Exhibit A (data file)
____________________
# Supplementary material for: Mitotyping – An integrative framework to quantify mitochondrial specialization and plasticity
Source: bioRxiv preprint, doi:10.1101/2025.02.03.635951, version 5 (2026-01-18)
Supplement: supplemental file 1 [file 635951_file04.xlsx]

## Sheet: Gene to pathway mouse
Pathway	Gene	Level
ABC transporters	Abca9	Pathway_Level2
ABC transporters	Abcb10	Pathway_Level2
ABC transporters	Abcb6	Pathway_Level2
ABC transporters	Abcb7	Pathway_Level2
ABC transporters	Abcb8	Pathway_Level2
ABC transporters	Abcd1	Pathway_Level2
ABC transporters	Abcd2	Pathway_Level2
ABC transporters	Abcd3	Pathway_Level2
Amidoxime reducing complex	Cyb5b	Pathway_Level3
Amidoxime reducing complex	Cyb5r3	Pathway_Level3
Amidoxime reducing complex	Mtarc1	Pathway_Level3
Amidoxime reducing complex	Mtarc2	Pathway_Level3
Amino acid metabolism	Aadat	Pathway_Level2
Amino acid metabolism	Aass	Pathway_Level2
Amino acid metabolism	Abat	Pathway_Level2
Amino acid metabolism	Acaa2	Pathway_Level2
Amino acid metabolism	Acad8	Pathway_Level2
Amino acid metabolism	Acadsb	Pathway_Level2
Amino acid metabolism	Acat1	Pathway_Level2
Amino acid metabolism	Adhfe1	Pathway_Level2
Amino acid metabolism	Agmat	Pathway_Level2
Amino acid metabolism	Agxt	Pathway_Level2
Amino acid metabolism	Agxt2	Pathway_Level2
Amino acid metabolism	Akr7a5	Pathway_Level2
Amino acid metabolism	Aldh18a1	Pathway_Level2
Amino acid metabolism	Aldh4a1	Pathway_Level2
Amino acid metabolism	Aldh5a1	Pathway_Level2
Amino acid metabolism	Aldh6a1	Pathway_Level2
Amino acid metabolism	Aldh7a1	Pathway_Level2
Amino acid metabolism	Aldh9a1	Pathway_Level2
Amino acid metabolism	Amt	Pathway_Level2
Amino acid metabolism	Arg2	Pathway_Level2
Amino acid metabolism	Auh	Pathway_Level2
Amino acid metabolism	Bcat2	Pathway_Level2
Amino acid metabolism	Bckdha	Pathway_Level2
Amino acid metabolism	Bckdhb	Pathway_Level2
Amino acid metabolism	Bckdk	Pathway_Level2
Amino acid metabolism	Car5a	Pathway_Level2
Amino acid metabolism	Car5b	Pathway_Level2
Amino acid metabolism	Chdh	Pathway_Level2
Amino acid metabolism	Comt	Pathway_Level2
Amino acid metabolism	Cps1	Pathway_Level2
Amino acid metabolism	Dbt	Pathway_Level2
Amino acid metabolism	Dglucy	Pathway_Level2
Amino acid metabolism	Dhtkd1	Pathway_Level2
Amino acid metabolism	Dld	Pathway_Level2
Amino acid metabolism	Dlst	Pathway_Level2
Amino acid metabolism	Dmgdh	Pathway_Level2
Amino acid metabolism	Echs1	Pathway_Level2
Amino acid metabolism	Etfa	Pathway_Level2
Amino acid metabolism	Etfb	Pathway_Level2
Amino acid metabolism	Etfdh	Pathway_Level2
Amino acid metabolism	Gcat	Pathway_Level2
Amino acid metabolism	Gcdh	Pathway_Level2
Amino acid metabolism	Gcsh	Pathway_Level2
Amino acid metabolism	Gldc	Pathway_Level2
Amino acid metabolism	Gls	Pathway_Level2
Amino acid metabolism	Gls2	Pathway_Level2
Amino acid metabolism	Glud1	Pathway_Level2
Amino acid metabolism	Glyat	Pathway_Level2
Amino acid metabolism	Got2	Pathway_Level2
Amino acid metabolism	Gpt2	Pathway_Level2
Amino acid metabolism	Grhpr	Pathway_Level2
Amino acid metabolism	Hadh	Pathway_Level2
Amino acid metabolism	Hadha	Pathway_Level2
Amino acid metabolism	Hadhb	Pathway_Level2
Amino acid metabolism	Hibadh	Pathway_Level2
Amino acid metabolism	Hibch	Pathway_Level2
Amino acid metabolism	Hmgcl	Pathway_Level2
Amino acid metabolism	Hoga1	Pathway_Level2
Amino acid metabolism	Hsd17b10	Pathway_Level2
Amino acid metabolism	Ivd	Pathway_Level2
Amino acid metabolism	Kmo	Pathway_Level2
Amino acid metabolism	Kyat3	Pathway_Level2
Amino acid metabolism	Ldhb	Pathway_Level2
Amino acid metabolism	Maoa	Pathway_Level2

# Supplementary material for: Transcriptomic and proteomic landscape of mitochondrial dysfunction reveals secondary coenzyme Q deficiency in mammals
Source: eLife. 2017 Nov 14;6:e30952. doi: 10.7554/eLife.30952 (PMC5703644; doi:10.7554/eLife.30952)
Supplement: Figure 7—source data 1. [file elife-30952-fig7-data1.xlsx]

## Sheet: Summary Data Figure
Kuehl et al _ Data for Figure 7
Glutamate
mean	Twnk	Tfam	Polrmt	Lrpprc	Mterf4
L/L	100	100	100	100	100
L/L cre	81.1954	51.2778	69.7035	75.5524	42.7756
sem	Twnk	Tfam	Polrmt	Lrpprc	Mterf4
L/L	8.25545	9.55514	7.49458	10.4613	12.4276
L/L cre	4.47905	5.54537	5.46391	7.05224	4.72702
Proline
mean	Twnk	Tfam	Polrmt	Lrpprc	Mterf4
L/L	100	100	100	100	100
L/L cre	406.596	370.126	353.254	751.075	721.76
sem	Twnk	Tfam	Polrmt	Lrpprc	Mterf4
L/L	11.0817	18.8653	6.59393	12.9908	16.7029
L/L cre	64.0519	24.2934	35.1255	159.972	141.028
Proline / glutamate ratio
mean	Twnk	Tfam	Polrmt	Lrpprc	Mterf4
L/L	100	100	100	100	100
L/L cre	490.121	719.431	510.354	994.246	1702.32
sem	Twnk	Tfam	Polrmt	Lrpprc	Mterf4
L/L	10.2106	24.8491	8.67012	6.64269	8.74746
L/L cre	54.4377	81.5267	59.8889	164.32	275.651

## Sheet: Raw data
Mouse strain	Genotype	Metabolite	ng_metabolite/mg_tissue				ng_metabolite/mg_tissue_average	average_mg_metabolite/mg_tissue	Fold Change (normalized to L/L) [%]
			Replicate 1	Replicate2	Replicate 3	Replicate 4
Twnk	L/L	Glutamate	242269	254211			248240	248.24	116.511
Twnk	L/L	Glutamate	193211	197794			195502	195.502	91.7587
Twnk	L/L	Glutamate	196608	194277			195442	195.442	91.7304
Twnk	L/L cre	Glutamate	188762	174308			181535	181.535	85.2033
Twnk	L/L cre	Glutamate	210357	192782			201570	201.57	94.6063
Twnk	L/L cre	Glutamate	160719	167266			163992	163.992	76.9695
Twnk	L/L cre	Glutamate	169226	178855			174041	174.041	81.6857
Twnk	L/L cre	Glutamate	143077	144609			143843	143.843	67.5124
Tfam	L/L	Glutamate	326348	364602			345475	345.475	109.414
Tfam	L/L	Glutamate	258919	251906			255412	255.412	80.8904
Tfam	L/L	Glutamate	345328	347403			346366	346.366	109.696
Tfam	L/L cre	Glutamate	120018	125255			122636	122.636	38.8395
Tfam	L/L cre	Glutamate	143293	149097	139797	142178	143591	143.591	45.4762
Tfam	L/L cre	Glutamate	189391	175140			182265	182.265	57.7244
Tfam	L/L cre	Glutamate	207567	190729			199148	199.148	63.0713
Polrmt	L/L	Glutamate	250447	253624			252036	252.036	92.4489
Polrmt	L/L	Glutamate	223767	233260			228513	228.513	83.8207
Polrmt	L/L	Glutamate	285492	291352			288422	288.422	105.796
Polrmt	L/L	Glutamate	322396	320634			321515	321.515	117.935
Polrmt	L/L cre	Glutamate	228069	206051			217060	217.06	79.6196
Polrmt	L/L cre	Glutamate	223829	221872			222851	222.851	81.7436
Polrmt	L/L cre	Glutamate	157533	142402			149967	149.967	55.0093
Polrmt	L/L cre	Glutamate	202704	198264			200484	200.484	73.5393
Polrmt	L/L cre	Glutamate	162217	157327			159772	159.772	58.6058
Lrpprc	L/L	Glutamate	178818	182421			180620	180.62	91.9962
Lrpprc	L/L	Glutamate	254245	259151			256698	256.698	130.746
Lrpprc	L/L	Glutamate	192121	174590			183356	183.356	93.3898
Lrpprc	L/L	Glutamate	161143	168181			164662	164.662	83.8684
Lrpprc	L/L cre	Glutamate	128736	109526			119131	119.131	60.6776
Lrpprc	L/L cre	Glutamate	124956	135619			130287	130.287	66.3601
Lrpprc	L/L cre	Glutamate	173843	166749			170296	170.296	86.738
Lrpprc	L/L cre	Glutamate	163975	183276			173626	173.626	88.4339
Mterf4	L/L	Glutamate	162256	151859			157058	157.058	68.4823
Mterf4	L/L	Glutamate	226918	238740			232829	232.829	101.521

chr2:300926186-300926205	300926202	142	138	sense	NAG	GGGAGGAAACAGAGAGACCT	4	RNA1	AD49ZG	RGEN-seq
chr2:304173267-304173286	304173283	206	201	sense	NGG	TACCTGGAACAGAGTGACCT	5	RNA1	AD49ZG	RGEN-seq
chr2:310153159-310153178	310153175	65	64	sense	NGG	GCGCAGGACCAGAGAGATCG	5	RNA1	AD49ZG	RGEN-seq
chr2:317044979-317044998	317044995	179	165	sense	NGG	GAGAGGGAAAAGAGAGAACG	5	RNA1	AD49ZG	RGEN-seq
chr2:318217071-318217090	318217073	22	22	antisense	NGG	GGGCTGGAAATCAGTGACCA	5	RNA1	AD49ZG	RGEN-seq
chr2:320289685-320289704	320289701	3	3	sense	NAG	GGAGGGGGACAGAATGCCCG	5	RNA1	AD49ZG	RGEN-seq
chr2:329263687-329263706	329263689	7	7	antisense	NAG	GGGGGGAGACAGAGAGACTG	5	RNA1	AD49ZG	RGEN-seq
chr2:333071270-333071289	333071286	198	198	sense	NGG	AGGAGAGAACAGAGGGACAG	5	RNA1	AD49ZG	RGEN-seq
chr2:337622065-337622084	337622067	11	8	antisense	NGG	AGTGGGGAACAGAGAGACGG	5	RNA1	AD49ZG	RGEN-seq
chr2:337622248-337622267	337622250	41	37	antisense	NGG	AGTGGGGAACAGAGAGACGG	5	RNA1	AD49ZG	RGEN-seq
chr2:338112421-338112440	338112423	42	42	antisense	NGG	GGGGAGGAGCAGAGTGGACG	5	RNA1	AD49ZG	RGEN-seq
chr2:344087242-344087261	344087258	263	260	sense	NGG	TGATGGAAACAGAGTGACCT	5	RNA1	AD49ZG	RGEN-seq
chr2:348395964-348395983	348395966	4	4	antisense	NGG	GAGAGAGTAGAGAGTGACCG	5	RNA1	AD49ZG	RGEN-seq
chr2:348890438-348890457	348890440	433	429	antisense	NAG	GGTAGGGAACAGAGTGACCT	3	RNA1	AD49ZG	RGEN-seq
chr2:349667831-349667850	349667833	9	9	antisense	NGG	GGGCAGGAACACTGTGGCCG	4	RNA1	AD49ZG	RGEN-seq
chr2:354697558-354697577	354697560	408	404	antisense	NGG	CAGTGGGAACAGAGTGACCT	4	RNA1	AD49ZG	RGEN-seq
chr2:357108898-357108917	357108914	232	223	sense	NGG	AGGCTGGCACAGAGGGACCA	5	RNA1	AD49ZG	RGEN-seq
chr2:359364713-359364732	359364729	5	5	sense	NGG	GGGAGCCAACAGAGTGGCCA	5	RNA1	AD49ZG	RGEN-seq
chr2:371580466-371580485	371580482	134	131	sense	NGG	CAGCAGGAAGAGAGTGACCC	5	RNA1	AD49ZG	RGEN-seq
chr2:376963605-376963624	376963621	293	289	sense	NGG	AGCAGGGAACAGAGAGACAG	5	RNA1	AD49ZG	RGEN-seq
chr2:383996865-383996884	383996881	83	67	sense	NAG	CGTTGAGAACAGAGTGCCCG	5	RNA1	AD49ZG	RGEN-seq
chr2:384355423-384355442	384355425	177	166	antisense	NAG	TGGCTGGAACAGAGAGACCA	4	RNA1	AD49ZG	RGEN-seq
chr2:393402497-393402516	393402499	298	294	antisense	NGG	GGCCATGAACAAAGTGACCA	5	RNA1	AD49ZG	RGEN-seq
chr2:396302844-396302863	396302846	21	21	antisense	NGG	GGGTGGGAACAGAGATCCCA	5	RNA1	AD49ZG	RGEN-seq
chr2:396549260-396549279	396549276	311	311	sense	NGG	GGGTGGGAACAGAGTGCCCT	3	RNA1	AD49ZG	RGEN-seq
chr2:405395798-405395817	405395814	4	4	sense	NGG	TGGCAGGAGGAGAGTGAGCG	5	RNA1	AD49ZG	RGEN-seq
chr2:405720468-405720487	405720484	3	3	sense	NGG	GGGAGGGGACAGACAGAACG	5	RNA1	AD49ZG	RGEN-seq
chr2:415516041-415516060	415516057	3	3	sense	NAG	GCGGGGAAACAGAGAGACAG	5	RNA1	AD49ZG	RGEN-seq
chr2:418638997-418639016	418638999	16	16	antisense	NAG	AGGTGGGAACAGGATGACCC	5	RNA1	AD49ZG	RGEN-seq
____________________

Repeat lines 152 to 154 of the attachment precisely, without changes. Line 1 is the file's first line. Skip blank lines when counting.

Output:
chr2:333071270-333071289	333071286	198	198	sense	NGG	AGGAGAGAACAGAGGGACAG	5	RNA1	AD49ZG	RGEN-seq
chr2:337622065-337622084	337622067	11	8	antisense	NGG	AGTGGGGAACAGAGAGACGG	5	RNA1	AD49ZG	RGEN-seq
chr2:337622248-337622267	337622250	41	37	antisense	NGG	AGTGGGGAACAGAGAGACGG	5	RNA1	AD49ZG	RGEN-seq